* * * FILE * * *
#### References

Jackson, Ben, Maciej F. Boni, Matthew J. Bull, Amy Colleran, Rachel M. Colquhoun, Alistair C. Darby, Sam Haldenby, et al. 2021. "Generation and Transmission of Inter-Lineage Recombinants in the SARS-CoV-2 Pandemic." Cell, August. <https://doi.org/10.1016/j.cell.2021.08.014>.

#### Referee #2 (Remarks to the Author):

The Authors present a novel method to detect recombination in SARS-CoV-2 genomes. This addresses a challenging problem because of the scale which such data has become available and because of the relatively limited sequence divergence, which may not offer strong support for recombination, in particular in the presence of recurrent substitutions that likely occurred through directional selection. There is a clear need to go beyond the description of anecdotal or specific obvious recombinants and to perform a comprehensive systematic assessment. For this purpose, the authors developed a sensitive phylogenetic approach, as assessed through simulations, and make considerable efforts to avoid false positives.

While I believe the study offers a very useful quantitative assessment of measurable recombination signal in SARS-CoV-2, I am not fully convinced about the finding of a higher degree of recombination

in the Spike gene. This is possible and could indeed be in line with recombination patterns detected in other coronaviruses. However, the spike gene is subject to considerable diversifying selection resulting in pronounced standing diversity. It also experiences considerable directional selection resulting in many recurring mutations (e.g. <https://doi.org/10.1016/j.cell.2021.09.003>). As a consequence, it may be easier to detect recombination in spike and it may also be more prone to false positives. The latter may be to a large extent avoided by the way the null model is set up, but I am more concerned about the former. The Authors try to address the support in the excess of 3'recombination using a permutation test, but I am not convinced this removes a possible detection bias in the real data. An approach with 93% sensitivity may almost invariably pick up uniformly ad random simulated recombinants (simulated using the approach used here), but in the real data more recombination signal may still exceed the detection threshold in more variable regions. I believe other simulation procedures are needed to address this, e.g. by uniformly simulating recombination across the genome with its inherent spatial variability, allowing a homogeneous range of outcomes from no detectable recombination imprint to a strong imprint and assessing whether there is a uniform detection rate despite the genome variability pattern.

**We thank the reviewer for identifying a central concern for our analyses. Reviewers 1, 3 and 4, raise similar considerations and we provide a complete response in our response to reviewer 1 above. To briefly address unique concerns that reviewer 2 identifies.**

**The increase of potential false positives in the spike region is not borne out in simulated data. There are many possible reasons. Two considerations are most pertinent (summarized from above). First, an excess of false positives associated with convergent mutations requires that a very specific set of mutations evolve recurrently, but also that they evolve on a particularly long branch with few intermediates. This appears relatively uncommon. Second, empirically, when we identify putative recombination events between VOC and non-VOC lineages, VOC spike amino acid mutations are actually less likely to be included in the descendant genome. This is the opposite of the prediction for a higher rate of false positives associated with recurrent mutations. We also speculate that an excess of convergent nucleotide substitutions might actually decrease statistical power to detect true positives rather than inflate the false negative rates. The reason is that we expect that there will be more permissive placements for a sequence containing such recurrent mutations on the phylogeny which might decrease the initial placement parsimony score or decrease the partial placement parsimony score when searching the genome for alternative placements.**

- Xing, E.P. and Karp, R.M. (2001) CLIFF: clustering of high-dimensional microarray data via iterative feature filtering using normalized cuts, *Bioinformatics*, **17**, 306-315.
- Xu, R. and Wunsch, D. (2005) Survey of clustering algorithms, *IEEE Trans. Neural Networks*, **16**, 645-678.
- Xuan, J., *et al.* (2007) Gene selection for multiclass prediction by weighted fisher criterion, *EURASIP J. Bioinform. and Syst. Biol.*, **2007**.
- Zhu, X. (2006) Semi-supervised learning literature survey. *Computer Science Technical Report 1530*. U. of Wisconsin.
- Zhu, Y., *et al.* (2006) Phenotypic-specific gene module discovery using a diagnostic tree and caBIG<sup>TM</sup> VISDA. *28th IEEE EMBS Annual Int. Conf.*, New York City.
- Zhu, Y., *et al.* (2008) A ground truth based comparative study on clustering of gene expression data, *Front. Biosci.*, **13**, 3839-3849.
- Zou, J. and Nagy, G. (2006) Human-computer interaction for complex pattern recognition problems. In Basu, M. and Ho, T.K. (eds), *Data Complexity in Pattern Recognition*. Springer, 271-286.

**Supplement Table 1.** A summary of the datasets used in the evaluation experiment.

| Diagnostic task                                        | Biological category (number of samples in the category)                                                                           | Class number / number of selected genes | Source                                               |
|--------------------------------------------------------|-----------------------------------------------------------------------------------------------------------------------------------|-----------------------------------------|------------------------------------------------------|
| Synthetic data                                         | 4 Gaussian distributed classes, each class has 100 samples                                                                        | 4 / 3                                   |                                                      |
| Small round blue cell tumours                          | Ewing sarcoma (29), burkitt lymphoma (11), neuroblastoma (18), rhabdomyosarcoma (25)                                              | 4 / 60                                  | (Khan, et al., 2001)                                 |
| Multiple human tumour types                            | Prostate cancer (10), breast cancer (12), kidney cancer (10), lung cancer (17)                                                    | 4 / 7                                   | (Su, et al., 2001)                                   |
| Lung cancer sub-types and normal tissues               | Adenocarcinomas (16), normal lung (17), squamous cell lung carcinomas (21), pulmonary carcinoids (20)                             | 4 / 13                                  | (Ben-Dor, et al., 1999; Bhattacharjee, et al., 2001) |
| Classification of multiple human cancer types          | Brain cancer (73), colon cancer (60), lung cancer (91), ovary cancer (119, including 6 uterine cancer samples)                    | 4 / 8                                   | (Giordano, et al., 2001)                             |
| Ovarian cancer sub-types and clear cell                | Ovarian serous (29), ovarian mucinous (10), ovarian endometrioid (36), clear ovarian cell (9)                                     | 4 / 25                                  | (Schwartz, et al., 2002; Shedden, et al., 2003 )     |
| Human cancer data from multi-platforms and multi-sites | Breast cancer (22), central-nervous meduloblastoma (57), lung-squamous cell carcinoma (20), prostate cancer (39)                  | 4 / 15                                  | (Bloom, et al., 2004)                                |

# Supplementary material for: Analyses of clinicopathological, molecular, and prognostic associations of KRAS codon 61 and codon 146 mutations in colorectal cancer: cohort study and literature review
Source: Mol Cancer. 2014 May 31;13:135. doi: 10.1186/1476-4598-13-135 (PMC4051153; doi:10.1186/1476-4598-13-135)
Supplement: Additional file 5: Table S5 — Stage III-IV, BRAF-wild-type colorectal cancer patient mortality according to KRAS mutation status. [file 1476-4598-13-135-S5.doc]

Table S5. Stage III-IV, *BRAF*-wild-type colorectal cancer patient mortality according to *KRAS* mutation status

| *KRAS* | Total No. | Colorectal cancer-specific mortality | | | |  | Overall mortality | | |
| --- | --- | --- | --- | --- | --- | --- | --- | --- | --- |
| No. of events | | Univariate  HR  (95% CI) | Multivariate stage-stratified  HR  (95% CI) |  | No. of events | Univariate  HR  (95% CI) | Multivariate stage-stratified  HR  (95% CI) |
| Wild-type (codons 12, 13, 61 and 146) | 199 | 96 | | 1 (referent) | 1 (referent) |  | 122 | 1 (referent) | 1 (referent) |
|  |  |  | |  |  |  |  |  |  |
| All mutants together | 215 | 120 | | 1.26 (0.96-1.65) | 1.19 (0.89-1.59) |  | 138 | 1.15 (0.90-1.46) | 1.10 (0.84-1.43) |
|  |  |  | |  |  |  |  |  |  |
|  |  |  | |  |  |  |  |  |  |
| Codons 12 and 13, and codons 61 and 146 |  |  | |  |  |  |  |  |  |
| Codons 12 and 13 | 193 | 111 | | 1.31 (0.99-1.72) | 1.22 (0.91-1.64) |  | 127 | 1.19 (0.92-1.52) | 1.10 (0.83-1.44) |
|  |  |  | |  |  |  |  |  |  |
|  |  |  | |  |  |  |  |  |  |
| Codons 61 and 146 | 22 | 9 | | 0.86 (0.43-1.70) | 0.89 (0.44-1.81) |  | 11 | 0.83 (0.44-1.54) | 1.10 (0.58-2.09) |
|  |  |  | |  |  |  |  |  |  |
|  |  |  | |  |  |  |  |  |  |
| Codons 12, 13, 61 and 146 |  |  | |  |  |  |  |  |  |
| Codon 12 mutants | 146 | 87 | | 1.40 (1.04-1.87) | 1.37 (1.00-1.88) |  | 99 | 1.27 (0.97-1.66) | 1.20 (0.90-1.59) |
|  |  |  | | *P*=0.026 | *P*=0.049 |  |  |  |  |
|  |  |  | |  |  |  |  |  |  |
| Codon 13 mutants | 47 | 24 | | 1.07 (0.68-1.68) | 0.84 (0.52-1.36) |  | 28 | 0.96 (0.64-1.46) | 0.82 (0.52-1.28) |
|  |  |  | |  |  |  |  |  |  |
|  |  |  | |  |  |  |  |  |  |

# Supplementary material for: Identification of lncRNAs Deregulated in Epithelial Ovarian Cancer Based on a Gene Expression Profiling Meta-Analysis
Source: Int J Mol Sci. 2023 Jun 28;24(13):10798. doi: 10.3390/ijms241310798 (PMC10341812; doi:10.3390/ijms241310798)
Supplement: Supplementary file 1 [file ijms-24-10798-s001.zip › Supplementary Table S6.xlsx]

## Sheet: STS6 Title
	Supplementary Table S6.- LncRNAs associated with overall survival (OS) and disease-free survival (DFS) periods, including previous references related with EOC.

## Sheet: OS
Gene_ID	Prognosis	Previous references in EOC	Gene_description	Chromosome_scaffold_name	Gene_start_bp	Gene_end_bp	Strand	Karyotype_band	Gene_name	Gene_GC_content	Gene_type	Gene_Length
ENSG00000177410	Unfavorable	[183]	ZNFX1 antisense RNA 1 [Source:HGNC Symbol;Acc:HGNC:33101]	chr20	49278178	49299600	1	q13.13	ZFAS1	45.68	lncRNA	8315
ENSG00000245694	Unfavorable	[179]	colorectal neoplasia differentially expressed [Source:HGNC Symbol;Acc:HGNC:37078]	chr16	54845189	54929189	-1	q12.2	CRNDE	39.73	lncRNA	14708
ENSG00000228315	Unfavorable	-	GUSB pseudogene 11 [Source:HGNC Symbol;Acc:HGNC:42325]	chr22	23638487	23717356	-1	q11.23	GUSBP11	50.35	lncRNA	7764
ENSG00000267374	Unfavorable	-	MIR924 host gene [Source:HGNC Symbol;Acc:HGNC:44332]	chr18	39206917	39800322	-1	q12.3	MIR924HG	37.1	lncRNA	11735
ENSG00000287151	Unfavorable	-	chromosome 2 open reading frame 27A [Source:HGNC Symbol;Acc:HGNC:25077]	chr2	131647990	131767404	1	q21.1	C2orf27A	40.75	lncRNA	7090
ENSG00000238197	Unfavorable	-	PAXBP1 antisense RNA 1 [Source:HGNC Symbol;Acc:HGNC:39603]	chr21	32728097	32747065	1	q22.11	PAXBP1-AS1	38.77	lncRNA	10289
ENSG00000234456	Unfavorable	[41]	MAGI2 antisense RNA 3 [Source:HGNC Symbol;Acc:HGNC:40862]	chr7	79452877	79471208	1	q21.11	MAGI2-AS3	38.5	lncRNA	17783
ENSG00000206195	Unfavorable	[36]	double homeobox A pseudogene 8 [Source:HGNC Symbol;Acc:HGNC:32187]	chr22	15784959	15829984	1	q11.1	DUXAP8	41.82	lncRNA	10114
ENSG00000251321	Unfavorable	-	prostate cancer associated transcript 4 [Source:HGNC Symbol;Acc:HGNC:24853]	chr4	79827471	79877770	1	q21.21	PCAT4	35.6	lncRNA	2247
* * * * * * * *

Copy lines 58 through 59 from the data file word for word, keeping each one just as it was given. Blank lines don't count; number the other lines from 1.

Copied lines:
Gene_ID	Prognosis	Previous references in EOC	Gene_description	Chromosome_scaffold_name	Gene_start_bp	Gene_end_bp	Strand	Karyotype_band	Gene_name	Gene_GC_content	Gene_type	Gene_Length
ENSG00000177410	Unfavorable	[183]	ZNFX1 antisense RNA 1 [Source:HGNC Symbol;Acc:HGNC:33101]	chr20	49278178	49299600	1	q13.13	ZFAS1	45.68	lncRNA	8315